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Adjusting the budget to $2000 will open up possibilities in U-Street neighborhood, Shaw, Capitol Hill & Eastern Market, possibly even Cleveland Park (Van Ness metro and north of there), as well as near-metro areas of Silver Spring and Bethesda and Arlington.

Parking permits, I'm not 100% sure of. I don't own a car myself. I believe most of the city is unrestricted and anyone can park on the street. For those streets that do have restrictions, the fee is only $15--but you can only get one after you've obtained DC license plates.
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Old 11-09-2009, 07:21 AM
 
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My advice would be to sell your car and live in Dupont/Logan. You can always use a ZipCar when you need to - $7/hr for a Prius! They are everywhere and easy and you don't pay for gas. Why own a car?
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Old 11-09-2009, 07:50 AM
 
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I did look at ZipCar, but it doesn't appear that it would work for our particular needs. My husband participates in weekend sporting activities that are often all-day events, and sometimes overnight, and there is also no way that the car would remain clean on account of the equipment. Also, my husband will likely not have a job before we move out there, so we need to make sure he has the option of driving wherever he needs to go for work. Having one car is already a bit of a compromise, as we currently have two---we plan to sell one of them before we move.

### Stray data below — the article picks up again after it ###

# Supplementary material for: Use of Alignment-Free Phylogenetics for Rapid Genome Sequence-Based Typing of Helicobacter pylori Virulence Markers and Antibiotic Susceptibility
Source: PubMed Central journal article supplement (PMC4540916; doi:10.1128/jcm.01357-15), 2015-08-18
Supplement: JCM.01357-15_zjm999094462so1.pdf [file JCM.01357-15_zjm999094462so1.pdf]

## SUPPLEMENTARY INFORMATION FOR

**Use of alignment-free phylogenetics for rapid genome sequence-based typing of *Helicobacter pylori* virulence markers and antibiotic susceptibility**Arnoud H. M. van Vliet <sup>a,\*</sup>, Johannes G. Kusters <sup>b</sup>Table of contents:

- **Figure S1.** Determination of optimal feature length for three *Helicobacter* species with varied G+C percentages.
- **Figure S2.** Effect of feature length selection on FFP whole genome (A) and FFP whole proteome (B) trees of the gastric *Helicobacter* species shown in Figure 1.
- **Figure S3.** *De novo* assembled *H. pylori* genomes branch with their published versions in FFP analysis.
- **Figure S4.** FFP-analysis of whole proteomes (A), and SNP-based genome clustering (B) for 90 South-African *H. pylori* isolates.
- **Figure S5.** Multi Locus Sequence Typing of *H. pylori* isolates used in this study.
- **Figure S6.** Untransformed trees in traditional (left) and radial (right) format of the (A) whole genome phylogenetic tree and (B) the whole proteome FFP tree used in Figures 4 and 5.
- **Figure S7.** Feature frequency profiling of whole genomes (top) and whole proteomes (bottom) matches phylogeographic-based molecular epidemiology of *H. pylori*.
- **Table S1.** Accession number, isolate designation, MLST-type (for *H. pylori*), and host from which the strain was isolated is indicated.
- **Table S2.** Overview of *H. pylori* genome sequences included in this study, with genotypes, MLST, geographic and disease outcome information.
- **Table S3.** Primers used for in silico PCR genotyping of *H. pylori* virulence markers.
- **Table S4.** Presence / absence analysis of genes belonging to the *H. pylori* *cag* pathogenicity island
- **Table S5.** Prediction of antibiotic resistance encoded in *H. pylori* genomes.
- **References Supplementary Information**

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Old 11-09-2009, 08:33 AM
 
Location: Springfield VA
4,033 posts, read 4,960,351 times
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Honestly I'd have to roll with suggestions for Glover Park in the further NW section of the city. More residental and quiet. If you have a car in the city you're going to pay for that luxury especially if you live near a metro. So I say look at neighborhoods like Glover Park that are away from the metro and look at bus lines that will get you to work.

Living near a metro is considered a luxury around here. Also neighborhoods away from the metro tend to have more apartments with free or cheap parking and also fewer parking restrictions on the street. Living in the hot spots like U street or Dupont will be cumbersome with a car and hardly worth the effort and money. People with cars in these neighborhoods are always complaining about all the parking tickets they get. At least that's my observation.
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Old 11-09-2009, 08:34 AM
 
437 posts, read 619,291 times
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You might consider places out the Metro Red Line such as White Flint/Twinbrook or in the other direction Wheaton. On the Virginia side, to keep expenses down, you'll probably need to be farther from Metrorail. However, there are a lot of express buses from areas like Arlington (up Columbia Pike), Springfield and West-End Alexandria to the Pentagon Metro station, and it's a quick hop across the river on the Yellow line from there to Gallery Place. I think these places are generally safe enough to be out at night, although there may be some questionable parts of Wheaton. You can definitely get more bang for your buck if you are OK with taking the bus instead of the train, and frankly it can be just as fast. Of course if you're into biking you can always commute by bike too!